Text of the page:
If my dad were alive today, he and I would have debated the actions of the NFL football players that knelt or sat during the national anthem before football games last week. I would have been spoiling for the confrontation.

The football players said their kneeling and sitting were done to protest the mistreatment of African-Americans in society and especially the rising deaths of unarmed black men and boys being shot to death by law enforcement officers.

The 45th president claims he knows better than those protesting what they were doing. He claims they were protesting the flag and the national anthem. He even called them SOBs, thereby slamming both them and their mothers. This is the same man that cared so much about our country that he used medical deferments to stay out of military service claiming he had bone spurs (rich man’s privilege) so that he could stay out of Vietnam.

Dad, a military veteran, would have not have been happy that the supposedly flag-respecting president berated a family that lost a son in the war and degraded U.S. Sen. John McCain, a genuine war hero and prisoner of war for 5 years in Vietnam, the same war the 45th president tiptoed away from.

My dad spent five years in the U.S. Army during the Korean conflict. I discovered as a teenager my dad would scream himself awake occasionally because of nightmares from a night he and other soldiers were in deadly hand-to-hand combat with enemy soldiers.

When my dad came home he returned to segregated neighborhoods, restaurants, the N-word from white people and everything else. Putting his life on the line didn’t do a whole lot for him. That was made crystal clear when a teenage white girl, working at a snowball stand, told him she would not serve him because “we don’t serve Negroes.” I was to be the recipient of the snowball.

I witnessed the pain on his face. And you’re damn right if you think that has stayed with me.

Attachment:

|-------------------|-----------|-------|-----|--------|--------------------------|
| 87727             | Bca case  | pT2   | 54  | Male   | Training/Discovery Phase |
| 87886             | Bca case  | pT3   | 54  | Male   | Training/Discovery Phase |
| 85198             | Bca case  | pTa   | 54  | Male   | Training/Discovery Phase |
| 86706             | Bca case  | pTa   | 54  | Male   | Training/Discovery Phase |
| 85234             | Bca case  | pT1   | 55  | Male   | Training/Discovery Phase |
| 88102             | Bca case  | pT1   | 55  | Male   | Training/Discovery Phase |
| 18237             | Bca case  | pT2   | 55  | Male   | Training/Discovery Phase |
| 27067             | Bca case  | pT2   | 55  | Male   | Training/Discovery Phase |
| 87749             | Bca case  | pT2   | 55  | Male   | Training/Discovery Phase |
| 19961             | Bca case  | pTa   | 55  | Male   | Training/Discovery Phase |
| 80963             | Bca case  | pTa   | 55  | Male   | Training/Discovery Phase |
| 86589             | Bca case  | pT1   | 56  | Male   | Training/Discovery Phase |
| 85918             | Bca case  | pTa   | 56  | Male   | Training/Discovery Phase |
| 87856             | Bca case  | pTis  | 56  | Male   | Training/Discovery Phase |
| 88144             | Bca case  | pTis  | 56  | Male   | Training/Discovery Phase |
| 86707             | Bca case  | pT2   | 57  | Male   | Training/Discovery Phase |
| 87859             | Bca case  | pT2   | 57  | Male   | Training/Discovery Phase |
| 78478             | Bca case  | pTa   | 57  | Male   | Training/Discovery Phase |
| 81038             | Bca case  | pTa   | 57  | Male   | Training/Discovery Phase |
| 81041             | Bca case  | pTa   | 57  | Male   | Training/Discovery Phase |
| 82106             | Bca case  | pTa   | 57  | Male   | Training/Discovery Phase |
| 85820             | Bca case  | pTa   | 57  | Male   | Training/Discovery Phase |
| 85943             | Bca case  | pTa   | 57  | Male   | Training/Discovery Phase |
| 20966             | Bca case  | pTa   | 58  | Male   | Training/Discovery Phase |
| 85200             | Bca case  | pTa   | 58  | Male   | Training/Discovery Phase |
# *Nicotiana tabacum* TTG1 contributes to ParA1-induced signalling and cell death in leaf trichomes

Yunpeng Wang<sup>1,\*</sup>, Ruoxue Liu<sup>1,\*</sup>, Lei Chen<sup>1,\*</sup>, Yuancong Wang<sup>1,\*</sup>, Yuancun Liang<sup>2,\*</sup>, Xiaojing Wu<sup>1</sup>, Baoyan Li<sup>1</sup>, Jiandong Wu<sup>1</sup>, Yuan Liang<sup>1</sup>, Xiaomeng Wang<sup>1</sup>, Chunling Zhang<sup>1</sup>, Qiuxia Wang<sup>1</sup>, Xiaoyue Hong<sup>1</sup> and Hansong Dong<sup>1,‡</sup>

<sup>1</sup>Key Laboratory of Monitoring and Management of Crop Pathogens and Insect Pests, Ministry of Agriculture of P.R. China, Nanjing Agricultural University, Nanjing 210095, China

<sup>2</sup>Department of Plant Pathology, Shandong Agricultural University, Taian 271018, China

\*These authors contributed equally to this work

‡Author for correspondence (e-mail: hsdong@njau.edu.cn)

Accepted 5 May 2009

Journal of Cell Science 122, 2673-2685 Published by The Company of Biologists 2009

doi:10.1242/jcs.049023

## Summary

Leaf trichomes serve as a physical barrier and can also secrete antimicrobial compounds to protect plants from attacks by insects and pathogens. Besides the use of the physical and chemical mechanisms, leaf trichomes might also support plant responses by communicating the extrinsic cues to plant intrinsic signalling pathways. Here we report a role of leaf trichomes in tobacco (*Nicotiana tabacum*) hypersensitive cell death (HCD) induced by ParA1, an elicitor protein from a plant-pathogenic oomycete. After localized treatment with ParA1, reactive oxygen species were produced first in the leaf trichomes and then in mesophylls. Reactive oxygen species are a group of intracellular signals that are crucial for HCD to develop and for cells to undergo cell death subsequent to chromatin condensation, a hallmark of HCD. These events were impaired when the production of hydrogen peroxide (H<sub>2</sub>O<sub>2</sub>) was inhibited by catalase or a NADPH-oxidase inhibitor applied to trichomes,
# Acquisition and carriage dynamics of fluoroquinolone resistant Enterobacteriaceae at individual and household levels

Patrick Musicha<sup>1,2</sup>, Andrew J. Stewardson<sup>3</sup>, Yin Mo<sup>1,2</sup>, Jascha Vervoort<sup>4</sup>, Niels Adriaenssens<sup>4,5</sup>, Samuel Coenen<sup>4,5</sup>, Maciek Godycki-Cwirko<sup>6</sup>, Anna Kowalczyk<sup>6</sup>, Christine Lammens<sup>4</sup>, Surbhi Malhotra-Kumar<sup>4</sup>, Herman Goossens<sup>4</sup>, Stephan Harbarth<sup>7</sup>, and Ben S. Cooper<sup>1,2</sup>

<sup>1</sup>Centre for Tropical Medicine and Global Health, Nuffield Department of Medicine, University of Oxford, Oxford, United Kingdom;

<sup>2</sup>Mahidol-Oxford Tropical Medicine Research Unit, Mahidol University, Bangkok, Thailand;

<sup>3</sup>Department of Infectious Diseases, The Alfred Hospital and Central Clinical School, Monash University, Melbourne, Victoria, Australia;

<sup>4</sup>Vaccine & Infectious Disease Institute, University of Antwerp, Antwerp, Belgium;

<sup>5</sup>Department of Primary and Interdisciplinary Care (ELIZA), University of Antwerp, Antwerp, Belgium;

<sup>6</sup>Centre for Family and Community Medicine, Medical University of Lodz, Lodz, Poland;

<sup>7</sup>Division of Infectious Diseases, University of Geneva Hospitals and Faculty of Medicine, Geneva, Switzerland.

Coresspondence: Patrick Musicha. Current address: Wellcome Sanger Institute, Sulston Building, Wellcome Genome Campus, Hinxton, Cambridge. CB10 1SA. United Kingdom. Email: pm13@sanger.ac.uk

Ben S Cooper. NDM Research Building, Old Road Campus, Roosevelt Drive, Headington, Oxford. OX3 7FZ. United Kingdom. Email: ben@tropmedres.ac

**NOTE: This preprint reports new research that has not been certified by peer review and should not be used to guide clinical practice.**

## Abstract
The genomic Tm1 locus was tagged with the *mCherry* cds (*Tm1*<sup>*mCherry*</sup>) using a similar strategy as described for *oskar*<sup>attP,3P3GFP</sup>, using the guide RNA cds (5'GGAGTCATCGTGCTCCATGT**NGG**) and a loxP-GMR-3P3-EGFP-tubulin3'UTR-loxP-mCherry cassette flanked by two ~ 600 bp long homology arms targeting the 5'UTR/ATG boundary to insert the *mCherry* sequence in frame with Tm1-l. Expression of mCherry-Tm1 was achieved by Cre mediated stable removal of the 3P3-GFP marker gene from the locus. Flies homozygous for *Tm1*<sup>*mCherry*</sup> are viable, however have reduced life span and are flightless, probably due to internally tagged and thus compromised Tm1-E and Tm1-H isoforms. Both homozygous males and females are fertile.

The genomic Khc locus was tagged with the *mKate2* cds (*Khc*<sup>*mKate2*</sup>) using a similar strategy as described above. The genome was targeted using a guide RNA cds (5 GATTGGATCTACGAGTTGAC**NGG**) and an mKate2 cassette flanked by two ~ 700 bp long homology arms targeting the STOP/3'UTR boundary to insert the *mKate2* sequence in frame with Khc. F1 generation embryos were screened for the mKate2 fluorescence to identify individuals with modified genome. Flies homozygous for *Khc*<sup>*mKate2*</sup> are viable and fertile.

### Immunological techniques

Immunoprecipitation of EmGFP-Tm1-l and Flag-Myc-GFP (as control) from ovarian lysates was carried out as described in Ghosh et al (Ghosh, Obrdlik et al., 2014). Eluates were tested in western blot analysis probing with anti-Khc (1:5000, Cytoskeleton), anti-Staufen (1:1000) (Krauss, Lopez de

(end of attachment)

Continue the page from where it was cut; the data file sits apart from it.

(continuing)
My dad would have agreed with the purpose of the protest. He did a little of that himself, especially when a unarmed young man in our neighborhood was killed while running away from a police officer. But, he would have supported the Dallas Cowboys method of protesting — kneeling and rising before the national anthem.

I would have countered that I know those players love our country. Until this situation, they stood for the national anthem. Kneeling during the anthem brings attention to their cause and is not an attack on the anthem. A kneel-down 10 minutes before the game is useless.

To kneel or sit during the national anthem is a silent, nonviolent, way to bring attention to the injustices lived by communities of color around the nation. My dad would have nodded a little but would have stood his ground. “Not during the anthem,” he would have said.

Much of the media and a large percentage of the public have bought into the 45th president’s characterization that the protest is against the flag and the anthem. He called the players SOBs and termed their actions un-American, all red meat for this president’s far-right base. This was an easy way out, because to develop a dialogue on race and racism is tough and there are a lot of Americans who don’t have the stomach for that conversation. That’s my argument.

My dad would have been upset by the president’s demand that owners cut the players. He would hold onto the timing-of-the-protest argument. But I could see him start to crack a bit because of the name-calling. He would have seen through the SOB as a substitute for the N-word.

I would have hammered the point that it was odd that this president was initially mum on the protesters in Charlottesville that waved Nazi flags and emblems and promoted a one-race society.

Dad’s position would be weakened and he would know it.

He and I would have differed that the player’s protest was risky because they stood to possibly lose a lot of money. I would have countered that there are no real gains without personal risk involved; that risks are what makes protests even more relevant.

That position would play on his remembrance of the death the Rev. Martin Luther King Jr. and other civil rights leaders. My dad once recorded himself giving King’s famous “I have a dream” speech.

I would have him on the ropes when we ended the debate with a conversation about this president, both of us topping the other with examples of his hypocrisies, lies and intentionally racially divisive comments.

I think dad would have grudgingly come over to my side, but he wouldn’t have admitted it.

We would have finished up playing a game of dominoes. He would have won that, hands down.

Email Edward Pratt, a former newspaperman who writes a weekly Advocate column, at epratt1972@gmail.com.